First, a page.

Art of Movement is CNN's monthly show exploring the latest innovations in art, culture, science and technology.
(CNN) -- It's a crisp November morning and Slava Polunin is paddling his way down an idyllic river -- in a floating bed.
The 63-year-old Russian isn't escaping some sort of natural disaster. Instead, the white-haired man with bulging red nose and yellow raincoat is doing what clowns do best -- making us laugh.
"The art of clowning is filled with fantasy and absurdity -- a collision of the incompatible," he says, speaking from his surreal fairytale home outside of Paris.
"It's a way to create a new world, rather than repeat the existing one. For example, rather than making your way out through the door, you would make your way out through the window, as it's closer to the tram stop."
Polunin is one of the most famous clowns working in the world today, winning an Olivier Award for his ethereal Snow Show, and performing in 50 countries across the globe in a remarkable career that began in Soviet Russia four decades ago.
Stepping inside Polunin's rambling home is like walking into a dream -- staircases melt into the walls, a psychedelic caravan parked out front beckons the visitor inside, and childlike murals swirl on every surface.
Indeed, there's barely a right angle in sight in the dizzying house of rainbow, folk-inspired knick-knacks. Windows of every shape and size give a glimpse to the lush gardens outside -- not to mention the emerald river with an iron bed boat moored to its banks.
It's a place to feed Polunin's imagination, which in recent years has helped revolutionize the world of clowning -- transporting it from the big top to the theater stage.
Rather than the buffoonery of the circus, Polunin's clown is a more thoughtful, poetic character, with a minimalist style.
"At the beginning of my career, my clowning was filled with movement, like a child, when you are filled with so much energy that you think you could jump to the sky," he said.
"Today my perception of clowning is that you should be able to move just one centimeter and get a reaction from the audience as if you moved an entire mountain."
It was watching Charlie Chaplin film "The Kid" on TV as a seven-year-old growing up in Soviet Russia, that Polunin first decided to make a career out of clowning.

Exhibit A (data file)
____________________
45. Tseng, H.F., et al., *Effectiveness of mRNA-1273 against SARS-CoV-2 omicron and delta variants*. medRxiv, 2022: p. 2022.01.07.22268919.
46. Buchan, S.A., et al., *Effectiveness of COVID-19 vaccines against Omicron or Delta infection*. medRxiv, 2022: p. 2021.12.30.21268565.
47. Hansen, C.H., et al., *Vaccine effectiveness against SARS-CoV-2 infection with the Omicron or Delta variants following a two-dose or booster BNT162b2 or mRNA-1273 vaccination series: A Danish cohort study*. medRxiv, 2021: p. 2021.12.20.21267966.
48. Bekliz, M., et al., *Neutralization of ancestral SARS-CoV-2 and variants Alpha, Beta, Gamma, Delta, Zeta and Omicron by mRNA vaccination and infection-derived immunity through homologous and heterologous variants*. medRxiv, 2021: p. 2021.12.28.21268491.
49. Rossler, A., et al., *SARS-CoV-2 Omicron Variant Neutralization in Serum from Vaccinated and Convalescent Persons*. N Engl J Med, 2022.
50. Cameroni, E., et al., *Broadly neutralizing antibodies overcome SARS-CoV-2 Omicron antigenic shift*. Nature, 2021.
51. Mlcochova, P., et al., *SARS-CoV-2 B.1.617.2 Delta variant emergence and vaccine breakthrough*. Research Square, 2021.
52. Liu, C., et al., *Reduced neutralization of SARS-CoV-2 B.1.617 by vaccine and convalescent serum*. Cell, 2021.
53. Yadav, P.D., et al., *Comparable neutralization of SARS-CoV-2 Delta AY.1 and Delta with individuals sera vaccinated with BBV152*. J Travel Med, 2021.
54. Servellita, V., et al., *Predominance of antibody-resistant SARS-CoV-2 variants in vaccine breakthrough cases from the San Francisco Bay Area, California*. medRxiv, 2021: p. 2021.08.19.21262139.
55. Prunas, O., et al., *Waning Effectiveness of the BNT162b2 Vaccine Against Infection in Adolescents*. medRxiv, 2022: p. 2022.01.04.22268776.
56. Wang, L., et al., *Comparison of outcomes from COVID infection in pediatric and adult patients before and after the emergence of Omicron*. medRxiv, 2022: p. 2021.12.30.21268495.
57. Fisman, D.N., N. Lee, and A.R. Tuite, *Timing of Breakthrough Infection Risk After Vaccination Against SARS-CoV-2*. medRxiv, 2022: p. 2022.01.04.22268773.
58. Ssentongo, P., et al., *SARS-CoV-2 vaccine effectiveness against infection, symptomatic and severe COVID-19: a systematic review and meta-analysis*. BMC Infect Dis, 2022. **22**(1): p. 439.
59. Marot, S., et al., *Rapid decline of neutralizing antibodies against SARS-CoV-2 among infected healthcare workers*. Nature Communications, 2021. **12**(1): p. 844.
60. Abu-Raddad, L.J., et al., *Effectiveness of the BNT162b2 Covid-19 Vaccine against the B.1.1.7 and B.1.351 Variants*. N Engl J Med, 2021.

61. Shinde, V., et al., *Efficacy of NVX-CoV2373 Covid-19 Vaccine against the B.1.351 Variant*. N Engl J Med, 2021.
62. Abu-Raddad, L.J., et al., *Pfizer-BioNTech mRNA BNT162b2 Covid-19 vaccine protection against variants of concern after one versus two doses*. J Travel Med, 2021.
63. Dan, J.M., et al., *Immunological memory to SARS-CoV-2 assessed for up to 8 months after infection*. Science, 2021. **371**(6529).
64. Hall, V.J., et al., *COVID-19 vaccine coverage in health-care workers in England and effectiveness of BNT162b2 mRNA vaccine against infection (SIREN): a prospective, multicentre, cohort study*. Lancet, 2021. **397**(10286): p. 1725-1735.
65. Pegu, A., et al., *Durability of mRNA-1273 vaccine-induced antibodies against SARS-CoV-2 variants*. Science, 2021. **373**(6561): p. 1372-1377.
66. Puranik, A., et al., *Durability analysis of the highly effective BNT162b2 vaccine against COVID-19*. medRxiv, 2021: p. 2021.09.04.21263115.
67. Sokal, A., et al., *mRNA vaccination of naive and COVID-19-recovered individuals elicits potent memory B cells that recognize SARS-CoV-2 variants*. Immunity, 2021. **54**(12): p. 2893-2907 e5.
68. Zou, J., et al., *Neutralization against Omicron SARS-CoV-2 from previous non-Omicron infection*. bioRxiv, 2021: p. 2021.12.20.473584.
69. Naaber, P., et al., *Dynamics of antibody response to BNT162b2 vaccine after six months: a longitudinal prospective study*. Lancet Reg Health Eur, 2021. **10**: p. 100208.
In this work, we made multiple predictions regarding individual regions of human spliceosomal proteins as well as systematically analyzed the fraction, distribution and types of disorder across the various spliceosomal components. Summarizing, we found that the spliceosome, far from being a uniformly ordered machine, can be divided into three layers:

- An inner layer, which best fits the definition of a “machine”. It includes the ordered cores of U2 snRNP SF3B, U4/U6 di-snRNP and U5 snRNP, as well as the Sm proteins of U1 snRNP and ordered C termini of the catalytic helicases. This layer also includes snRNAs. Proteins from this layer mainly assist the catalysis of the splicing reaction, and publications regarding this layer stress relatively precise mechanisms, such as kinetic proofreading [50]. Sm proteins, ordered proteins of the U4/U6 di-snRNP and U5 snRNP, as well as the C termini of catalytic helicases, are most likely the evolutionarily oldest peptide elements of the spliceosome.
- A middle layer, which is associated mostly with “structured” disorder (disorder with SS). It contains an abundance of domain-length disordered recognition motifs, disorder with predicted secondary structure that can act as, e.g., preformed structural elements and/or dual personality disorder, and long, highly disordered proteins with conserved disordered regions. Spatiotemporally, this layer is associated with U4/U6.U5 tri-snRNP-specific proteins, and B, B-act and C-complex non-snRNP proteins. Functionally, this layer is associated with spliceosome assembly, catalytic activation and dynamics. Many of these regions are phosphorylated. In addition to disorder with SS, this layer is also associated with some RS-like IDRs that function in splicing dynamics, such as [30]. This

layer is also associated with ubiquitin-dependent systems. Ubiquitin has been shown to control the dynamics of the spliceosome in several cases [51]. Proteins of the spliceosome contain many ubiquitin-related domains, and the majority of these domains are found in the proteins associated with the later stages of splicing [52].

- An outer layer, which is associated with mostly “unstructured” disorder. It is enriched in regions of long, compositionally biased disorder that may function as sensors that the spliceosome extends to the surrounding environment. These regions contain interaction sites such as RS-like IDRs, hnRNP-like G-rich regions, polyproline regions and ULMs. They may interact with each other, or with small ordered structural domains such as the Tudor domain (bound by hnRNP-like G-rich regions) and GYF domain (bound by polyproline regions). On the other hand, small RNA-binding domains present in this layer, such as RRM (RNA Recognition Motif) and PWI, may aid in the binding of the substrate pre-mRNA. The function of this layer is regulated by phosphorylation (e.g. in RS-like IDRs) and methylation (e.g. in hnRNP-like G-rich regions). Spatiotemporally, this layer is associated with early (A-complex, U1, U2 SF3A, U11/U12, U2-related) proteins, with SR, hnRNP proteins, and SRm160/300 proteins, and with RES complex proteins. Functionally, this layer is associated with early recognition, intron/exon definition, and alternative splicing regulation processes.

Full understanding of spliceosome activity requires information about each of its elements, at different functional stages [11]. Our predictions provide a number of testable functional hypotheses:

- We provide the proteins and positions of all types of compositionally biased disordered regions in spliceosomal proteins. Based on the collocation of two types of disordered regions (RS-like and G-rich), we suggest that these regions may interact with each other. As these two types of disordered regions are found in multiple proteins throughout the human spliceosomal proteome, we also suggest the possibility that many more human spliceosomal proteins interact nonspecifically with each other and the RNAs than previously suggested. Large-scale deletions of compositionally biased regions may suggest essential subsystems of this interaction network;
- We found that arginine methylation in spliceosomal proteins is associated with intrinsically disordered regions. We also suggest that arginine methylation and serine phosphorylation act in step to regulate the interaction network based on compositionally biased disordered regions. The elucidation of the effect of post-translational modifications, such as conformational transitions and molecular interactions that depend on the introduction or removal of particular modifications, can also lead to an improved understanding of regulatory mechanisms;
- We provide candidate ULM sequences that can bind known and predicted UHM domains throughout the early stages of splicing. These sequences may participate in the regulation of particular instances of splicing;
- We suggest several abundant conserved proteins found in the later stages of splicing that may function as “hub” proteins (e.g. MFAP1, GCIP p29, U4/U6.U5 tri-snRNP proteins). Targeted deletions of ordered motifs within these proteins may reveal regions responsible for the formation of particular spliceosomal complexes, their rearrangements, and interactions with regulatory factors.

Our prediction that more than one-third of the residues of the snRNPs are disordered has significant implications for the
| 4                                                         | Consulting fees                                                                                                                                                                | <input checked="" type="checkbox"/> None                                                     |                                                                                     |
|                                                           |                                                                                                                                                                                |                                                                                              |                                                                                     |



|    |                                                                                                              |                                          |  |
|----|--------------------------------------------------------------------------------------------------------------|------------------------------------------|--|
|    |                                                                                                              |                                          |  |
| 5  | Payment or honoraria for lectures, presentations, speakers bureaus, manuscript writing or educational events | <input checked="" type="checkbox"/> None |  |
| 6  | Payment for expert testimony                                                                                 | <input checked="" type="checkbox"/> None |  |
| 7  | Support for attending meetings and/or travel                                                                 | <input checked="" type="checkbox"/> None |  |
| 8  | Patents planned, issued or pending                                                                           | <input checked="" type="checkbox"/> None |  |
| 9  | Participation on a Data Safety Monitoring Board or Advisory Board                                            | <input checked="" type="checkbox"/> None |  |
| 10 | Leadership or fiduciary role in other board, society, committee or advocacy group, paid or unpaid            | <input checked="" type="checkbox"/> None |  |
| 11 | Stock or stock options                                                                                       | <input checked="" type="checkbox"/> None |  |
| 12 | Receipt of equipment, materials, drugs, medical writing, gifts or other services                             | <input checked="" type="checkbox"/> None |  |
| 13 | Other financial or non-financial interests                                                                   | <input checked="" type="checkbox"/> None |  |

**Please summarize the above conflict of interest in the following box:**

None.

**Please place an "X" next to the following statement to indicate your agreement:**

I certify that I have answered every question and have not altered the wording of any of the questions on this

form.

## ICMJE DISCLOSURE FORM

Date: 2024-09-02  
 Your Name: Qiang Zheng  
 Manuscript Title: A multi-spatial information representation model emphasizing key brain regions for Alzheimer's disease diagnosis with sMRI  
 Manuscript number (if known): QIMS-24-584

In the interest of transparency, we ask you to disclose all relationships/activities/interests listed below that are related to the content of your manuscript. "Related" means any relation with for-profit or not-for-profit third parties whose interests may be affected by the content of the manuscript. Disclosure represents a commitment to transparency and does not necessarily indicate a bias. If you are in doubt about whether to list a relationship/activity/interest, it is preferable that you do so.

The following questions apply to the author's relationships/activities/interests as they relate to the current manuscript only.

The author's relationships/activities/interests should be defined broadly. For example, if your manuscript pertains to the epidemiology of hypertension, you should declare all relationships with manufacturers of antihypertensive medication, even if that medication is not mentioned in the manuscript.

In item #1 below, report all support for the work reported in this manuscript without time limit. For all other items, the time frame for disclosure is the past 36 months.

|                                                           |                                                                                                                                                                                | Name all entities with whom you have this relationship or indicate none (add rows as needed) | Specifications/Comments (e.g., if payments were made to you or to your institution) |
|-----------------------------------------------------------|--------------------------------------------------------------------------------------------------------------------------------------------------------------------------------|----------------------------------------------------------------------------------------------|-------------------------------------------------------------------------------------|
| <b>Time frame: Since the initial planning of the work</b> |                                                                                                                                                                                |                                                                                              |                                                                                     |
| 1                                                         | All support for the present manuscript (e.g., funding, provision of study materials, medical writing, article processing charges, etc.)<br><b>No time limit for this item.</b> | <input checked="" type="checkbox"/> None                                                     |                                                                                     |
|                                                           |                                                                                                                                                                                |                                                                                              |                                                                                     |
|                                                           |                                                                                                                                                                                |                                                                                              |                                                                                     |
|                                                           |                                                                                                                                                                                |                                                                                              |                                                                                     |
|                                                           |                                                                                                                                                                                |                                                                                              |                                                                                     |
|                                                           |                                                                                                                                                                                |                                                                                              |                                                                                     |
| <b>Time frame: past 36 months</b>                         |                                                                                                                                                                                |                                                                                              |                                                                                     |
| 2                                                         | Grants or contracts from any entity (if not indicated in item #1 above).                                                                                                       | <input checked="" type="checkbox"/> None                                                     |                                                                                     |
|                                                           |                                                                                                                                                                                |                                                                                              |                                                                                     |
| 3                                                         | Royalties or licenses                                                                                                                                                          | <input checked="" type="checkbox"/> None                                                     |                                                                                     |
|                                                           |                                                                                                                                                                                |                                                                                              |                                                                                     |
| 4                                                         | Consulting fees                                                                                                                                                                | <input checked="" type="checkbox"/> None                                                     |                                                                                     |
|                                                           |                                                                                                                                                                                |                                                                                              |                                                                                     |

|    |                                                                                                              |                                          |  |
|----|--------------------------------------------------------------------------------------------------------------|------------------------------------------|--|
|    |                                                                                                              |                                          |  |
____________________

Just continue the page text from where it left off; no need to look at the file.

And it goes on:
"My mom turned the TV off because it was time for me to go to bed, and I cried all night as I wanted to know what would happen next in the movie," he said.
"The next day, when I was about to leave for school, I thought: 'I have to wear something similar to Charlie Chaplin.' So I took my father's boots, hat and a cane and went to school. I made my friends laugh for the entire evening."
Polunin was fascinated by the way movement could convey emotion, and studied dances from across the world -- everything from Japan's surreal Butoh performances, to rock 'n roll, and tango.
He even analyzed the way Disney cartoon characters held certain poses.
"In order to learn how to move as a clown, I imitate the way kids, insane people, drunkards and animals move," he said. "These movements are not limited by intellect.
"The perfect example is to see a child playing on a playground, or running around a forest -- this is how humankind used to be originally -- genuine and excited. These movements evoke a desire to follow."
Polunin performed on state television throughout the 1970s and 1980s, using his wordless routines to mock the authorities without falling foul of draconian censorship.
"During Soviet times, when Brezhnev was still in power and there was no freedom of speech and expression, I came up with idea of movements without any words to express your personality," he said.
"This idea became massively popular, because I was saying important things without actually saying them."
Polunin became one of the country's best known clowns, later creating the "Academy of Fools," an international organization uniting clowns, and the "Caravan of the World," a traveling theater that meandered from Red Square in Moscow to Paris's Tuileries Gardens.
Of course, not every country has the same sense of humor, and Polunin must alter his shows depending on where in the world he's performing.
Americans prefer a faster pace. The Spanish more passion. The French more poetry. And the British seem quite happy for him to stand still for 10 seconds or more.
"I feel very happy when I discover something new on stage," said Polunin. "For example, you perform in China and realize that everything you have done in Europe does not work with a Chinese audience.
"So you start searching, improvising and suddenly you hear a laughter. You wonder why this laughter happened, so you start to dig into those movements. Every culture has its own aspects of movement."
Polunin seems determined to explore them all.
Matthew Ponsford contributed to this report.